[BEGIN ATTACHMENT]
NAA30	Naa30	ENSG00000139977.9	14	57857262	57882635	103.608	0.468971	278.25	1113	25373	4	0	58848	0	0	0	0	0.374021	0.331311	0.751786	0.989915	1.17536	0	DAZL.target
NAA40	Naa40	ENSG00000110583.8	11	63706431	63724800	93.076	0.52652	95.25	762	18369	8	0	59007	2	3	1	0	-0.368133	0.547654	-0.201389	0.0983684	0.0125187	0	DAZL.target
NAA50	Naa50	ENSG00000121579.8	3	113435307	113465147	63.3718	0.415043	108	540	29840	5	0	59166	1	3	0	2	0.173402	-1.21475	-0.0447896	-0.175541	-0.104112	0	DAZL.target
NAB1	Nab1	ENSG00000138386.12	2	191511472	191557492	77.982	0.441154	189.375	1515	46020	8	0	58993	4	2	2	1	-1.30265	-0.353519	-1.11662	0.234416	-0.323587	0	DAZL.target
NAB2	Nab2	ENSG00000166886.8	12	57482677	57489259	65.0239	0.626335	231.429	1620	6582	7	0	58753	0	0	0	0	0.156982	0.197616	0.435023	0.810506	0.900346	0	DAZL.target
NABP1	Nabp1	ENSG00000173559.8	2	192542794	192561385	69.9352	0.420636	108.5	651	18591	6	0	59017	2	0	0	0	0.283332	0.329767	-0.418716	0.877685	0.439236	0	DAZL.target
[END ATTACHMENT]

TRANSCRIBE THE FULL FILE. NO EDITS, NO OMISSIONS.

NAA30	Naa30	ENSG00000139977.9	14	57857262	57882635	103.608	0.468971	278.25	1113	25373	4	0	58848	0	0	0	0	0.374021	0.331311	0.751786	0.989915	1.17536	0	DAZL.target
NAA40	Naa40	ENSG00000110583.8	11	63706431	63724800	93.076	0.52652	95.25	762	18369	8	0	59007	2	3	1	0	-0.368133	0.547654	-0.201389	0.0983684	0.0125187	0	DAZL.target
NAA50	Naa50	ENSG00000121579.8	3	113435307	113465147	63.3718	0.415043	108	540	29840	5	0	59166	1	3	0	2	0.173402	-1.21475	-0.0447896	-0.175541	-0.104112	0	DAZL.target
NAB1	Nab1	ENSG00000138386.12	2	191511472	191557492	77.982	0.441154	189.375	1515	46020	8	0	58993	4	2	2	1	-1.30265	-0.353519	-1.11662	0.234416	-0.323587	0	DAZL.target
NAB2	Nab2	ENSG00000166886.8	12	57482677	57489259	65.0239	0.626335	231.429	1620	6582	7	0	58753	0	0	0	0	0.156982	0.197616	0.435023	0.810506	0.900346	0	DAZL.target
NABP1	Nabp1	ENSG00000173559.8	2	192542794	192561385	69.9352	0.420636	108.5	651	18591	6	0	59017	2	0	0	0	0.283332	0.329767	-0.418716	0.877685	0.439236	0	DAZL.target